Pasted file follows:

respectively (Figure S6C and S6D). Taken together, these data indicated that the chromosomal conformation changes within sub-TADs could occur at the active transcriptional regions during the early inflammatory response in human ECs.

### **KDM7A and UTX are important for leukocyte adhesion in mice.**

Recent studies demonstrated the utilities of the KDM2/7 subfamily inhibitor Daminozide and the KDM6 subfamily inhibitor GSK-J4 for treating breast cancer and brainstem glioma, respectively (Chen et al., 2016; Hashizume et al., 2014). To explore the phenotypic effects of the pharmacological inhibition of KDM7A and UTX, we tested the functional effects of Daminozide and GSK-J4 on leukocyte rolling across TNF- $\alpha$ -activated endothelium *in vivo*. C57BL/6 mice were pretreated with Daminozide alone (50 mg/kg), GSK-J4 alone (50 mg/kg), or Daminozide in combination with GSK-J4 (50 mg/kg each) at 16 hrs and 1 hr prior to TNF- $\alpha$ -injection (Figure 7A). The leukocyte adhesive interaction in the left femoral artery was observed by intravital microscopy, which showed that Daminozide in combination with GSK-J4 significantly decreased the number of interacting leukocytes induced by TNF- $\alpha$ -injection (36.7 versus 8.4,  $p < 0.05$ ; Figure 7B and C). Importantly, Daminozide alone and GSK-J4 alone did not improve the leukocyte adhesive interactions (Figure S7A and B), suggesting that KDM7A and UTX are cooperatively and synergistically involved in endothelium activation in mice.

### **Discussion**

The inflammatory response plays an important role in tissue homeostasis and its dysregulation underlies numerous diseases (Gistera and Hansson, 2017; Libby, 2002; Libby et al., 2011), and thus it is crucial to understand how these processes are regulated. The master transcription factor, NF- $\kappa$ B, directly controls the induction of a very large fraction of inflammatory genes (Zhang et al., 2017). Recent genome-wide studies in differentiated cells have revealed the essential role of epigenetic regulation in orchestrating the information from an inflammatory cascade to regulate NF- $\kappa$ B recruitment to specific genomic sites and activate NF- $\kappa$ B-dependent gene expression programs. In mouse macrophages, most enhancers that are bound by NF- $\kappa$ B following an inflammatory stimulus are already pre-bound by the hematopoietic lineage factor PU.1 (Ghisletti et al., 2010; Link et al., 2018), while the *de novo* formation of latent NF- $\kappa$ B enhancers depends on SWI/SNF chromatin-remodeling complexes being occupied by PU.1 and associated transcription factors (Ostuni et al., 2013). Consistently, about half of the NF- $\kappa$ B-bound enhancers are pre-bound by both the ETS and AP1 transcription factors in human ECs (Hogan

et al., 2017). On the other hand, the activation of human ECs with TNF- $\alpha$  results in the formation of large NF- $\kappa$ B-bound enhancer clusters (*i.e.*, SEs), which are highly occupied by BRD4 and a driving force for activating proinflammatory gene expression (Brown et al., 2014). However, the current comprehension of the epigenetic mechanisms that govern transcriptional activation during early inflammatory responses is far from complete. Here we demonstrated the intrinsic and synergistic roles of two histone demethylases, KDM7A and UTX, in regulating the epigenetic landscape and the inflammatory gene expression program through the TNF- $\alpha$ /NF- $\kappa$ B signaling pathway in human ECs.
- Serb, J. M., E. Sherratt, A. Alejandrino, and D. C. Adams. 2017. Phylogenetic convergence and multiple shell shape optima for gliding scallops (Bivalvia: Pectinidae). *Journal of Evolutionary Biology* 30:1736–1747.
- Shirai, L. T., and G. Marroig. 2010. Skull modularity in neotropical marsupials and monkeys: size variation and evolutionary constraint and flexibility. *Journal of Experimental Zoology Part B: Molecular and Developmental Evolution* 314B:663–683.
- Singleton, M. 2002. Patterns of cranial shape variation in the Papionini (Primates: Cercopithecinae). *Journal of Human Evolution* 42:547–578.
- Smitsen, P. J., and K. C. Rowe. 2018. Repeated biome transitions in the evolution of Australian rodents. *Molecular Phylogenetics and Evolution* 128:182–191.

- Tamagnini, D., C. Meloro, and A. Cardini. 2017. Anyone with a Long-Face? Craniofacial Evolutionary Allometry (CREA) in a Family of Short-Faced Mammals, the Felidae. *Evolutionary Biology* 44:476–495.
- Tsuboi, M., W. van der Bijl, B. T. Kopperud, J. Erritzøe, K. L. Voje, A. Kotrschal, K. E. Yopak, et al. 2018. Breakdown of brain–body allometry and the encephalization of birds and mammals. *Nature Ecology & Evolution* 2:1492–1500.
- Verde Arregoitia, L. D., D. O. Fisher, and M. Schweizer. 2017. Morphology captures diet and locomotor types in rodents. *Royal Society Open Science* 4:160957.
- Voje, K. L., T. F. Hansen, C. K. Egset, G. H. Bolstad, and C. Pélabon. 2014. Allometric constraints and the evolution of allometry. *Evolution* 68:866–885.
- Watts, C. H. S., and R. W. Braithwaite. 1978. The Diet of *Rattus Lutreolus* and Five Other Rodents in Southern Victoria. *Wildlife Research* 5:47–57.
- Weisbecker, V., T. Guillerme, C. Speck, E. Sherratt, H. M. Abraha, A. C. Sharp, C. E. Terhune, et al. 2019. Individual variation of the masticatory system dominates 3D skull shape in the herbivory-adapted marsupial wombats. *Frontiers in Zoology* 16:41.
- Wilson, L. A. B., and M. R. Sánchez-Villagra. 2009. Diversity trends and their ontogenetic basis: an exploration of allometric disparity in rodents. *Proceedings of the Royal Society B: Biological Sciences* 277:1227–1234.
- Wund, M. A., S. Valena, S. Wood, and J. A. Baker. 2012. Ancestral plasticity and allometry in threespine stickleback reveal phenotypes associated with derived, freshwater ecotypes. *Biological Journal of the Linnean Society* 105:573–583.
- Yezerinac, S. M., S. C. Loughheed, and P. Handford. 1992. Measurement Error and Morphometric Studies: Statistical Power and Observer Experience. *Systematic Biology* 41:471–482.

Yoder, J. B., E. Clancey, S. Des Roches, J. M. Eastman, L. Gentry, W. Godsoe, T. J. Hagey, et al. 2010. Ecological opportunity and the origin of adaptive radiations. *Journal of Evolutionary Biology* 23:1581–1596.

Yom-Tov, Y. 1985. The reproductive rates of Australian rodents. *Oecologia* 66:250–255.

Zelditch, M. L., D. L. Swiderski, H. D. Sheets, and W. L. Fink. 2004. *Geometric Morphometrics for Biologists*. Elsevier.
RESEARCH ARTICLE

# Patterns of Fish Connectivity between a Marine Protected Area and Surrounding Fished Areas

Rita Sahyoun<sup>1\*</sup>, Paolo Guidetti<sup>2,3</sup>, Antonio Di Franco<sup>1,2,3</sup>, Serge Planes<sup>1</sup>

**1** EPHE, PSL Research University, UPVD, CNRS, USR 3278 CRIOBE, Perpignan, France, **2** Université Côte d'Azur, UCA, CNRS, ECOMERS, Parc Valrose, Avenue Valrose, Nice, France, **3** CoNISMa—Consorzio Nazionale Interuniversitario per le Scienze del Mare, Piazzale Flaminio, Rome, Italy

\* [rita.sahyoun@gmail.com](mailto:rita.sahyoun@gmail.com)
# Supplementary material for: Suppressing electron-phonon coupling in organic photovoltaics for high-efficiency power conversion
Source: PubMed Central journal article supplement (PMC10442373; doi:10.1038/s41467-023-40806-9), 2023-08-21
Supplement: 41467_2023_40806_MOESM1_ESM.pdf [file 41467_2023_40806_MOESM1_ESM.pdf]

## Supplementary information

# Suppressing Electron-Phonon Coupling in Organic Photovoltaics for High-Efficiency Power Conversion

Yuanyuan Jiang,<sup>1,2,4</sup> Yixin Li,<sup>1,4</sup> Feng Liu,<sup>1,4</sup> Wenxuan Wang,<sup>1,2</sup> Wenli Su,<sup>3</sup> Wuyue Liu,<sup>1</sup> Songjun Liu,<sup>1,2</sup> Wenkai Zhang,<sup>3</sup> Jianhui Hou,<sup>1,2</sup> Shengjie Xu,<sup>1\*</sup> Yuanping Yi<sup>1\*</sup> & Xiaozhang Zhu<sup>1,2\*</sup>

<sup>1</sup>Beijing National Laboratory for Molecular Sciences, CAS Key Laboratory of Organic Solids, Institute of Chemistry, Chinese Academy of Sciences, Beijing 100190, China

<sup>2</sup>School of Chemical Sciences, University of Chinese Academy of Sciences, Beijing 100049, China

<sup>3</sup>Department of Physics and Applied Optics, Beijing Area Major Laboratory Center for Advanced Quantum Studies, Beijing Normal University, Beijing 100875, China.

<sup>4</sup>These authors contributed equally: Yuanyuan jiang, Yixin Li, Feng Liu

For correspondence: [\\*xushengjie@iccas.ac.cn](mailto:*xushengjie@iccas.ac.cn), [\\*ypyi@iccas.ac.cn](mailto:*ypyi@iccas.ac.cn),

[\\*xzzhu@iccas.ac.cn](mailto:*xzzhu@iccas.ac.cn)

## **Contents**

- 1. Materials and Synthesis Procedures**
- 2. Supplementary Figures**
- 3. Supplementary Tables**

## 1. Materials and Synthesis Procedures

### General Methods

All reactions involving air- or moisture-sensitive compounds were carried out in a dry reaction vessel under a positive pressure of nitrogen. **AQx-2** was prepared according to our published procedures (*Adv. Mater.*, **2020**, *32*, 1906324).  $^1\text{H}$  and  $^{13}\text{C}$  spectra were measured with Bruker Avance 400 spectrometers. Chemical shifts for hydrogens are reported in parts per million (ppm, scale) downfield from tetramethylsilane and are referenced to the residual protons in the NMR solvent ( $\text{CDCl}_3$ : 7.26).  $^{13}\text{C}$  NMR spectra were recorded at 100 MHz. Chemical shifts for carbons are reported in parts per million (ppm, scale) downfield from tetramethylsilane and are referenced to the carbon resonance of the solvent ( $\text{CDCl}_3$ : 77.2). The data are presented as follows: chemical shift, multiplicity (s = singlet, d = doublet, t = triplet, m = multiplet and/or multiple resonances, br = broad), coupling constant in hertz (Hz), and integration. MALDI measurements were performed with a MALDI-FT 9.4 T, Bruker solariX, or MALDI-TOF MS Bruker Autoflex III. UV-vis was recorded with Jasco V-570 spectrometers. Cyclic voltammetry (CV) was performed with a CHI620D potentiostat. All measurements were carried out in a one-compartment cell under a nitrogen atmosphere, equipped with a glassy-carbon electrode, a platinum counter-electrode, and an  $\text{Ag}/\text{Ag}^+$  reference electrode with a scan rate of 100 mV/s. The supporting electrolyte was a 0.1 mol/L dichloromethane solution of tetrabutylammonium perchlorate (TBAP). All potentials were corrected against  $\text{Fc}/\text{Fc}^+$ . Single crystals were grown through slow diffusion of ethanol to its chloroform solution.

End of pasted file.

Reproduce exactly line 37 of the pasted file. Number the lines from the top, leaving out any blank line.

<sup>4</sup>These authors contributed equally: Yuanyuan jiang, Yixin Li, Feng Liu